The Green Party is celebrating a major victory today following the Prime Minister’s announcement that the National Government will no longer stand in the way of the City Rail Link (CRL), the Green Party said.
The Prime Minister, in his speech to the Auckland Chamber of Commerce today, backtracked on the National Government's long held position of a 2020 start date for the CRL. The Government is committing to work with Auckland Council to bring forward a business plan, formalise Government funding from 2020, and this will allow Auckland Council to begin major works on the CRL in 2018.
“We’ve been calling on the National Government to get going on the CRL for six years now. Today’s announcement removes the last remaining obstacle, the National Government, in the way of Auckland's most critical piece of transport infrastructure,” said Green Party transport spokesperson Julie Anne Genter.
“The CRL should mark a shift in Auckland from the 1950s model of only building motorways and roads, towards investment in clean, reliable and modern public transport, so we can finally have a balanced transport system.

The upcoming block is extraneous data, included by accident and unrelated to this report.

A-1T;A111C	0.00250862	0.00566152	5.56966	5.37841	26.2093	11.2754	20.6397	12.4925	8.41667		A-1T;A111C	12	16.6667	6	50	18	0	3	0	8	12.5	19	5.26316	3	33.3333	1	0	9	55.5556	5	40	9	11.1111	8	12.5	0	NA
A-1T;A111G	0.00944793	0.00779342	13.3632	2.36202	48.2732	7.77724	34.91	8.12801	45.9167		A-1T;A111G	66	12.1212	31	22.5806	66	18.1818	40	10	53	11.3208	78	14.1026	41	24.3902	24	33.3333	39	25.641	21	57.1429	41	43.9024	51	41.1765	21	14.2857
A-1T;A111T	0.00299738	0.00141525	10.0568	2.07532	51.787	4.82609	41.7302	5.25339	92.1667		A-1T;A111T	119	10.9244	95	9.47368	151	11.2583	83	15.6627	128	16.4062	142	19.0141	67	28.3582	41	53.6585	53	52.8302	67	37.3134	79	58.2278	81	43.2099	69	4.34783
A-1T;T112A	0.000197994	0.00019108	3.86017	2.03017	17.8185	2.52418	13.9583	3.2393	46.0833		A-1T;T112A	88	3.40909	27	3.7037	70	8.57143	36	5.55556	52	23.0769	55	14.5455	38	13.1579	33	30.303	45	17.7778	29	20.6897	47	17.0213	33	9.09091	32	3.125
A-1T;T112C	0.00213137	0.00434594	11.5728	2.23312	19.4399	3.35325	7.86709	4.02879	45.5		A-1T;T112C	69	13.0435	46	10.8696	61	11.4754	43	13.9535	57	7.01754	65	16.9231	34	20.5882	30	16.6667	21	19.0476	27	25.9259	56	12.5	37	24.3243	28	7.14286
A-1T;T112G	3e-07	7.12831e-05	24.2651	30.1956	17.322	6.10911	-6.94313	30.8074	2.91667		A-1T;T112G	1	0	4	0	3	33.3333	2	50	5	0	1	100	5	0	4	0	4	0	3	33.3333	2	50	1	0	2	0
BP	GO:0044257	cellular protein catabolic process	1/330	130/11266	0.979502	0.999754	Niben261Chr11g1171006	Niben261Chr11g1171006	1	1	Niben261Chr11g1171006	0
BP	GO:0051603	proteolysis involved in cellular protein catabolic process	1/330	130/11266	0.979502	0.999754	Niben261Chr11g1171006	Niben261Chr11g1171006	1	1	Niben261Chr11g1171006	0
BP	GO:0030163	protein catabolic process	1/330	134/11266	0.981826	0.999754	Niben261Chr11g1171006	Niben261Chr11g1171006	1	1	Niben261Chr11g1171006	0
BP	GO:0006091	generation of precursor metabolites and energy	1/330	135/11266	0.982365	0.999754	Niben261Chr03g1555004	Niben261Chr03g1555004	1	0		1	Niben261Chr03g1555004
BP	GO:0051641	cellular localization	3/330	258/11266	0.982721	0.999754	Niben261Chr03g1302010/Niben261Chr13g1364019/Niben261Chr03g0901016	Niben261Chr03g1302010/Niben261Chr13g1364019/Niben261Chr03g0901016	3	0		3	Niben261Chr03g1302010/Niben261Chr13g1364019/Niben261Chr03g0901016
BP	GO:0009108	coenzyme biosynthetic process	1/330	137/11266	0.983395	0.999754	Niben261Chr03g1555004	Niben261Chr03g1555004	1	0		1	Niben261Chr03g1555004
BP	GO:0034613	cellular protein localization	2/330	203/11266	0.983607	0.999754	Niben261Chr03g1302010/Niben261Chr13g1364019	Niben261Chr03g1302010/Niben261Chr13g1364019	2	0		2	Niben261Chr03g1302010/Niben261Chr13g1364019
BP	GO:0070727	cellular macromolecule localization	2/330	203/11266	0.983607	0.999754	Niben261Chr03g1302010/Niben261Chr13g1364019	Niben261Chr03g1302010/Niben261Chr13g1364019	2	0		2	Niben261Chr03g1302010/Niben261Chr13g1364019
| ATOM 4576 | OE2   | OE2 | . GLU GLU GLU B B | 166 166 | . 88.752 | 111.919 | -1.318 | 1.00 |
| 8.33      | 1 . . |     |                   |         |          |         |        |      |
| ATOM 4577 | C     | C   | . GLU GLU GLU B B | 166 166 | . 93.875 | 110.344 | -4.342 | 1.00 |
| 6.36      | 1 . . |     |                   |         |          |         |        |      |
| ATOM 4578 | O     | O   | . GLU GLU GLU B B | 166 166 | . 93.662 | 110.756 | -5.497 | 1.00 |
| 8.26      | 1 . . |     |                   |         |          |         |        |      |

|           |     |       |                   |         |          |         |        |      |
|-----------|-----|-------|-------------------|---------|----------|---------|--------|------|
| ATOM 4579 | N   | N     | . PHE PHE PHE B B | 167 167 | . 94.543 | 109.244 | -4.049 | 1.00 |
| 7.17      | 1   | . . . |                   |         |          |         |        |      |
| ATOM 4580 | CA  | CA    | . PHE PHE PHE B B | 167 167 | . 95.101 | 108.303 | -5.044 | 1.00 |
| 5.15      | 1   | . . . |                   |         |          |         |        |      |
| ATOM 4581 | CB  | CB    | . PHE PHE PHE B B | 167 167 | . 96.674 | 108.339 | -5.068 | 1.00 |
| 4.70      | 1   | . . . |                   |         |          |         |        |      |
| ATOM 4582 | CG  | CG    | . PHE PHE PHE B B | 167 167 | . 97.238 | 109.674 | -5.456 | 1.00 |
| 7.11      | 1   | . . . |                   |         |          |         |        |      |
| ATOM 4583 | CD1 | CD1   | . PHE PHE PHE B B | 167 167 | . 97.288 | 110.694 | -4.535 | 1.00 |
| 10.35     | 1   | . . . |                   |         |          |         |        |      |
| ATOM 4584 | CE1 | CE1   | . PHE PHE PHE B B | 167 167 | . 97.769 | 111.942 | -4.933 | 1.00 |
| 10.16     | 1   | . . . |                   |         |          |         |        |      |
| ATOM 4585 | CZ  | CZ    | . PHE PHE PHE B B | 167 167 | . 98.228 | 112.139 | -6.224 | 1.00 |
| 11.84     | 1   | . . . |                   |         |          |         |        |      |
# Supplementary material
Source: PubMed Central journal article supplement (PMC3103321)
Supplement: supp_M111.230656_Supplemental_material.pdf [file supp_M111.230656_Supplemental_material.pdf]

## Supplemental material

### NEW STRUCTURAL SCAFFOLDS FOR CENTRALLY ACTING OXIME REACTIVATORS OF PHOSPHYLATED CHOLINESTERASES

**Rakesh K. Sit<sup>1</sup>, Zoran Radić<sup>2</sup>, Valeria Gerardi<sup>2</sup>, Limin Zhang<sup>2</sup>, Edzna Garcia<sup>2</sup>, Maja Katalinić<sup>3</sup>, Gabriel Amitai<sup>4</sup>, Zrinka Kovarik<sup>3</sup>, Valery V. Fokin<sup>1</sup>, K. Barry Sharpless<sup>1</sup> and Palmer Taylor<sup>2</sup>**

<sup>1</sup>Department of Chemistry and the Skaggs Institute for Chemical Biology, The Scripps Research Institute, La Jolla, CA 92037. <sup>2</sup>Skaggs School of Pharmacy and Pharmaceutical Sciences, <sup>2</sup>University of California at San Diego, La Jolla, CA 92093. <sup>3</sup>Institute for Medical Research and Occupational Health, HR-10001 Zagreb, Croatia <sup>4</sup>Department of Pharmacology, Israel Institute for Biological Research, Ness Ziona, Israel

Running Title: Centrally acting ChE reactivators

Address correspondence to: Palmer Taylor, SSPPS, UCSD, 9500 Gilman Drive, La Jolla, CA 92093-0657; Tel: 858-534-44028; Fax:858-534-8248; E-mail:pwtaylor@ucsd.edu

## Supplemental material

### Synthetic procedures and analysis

The Prime Minister used his speech to announce that his Government will streamline the consenting process for the East-West Connection between the Southern and South-Western motorways, which is estimated to cost over $1 billion. The Prime Minister also highlighted the $4.5 billion it has spent since 2008 on its so-called Roads of National Significance.
“Unfortunately, the Government’s other transport projects show they still don't understand how to create a balanced transport system.
“The National Government continues to spend billions on a few gold-plated motorways. It should be aiming to complete Auckland’s rapid transit network first, which would leverage off the CRL and complement the road network.
“The National Government's announcements demonstrate they’ve already forgotten about the agreement they signed in Paris to protect the climate. All infrastructure investment from this point on needs to support reducing climate pollution. This mean means we need investment in better public transport, and rail freight, not more expensive lanes of motorway," Ms Genter said.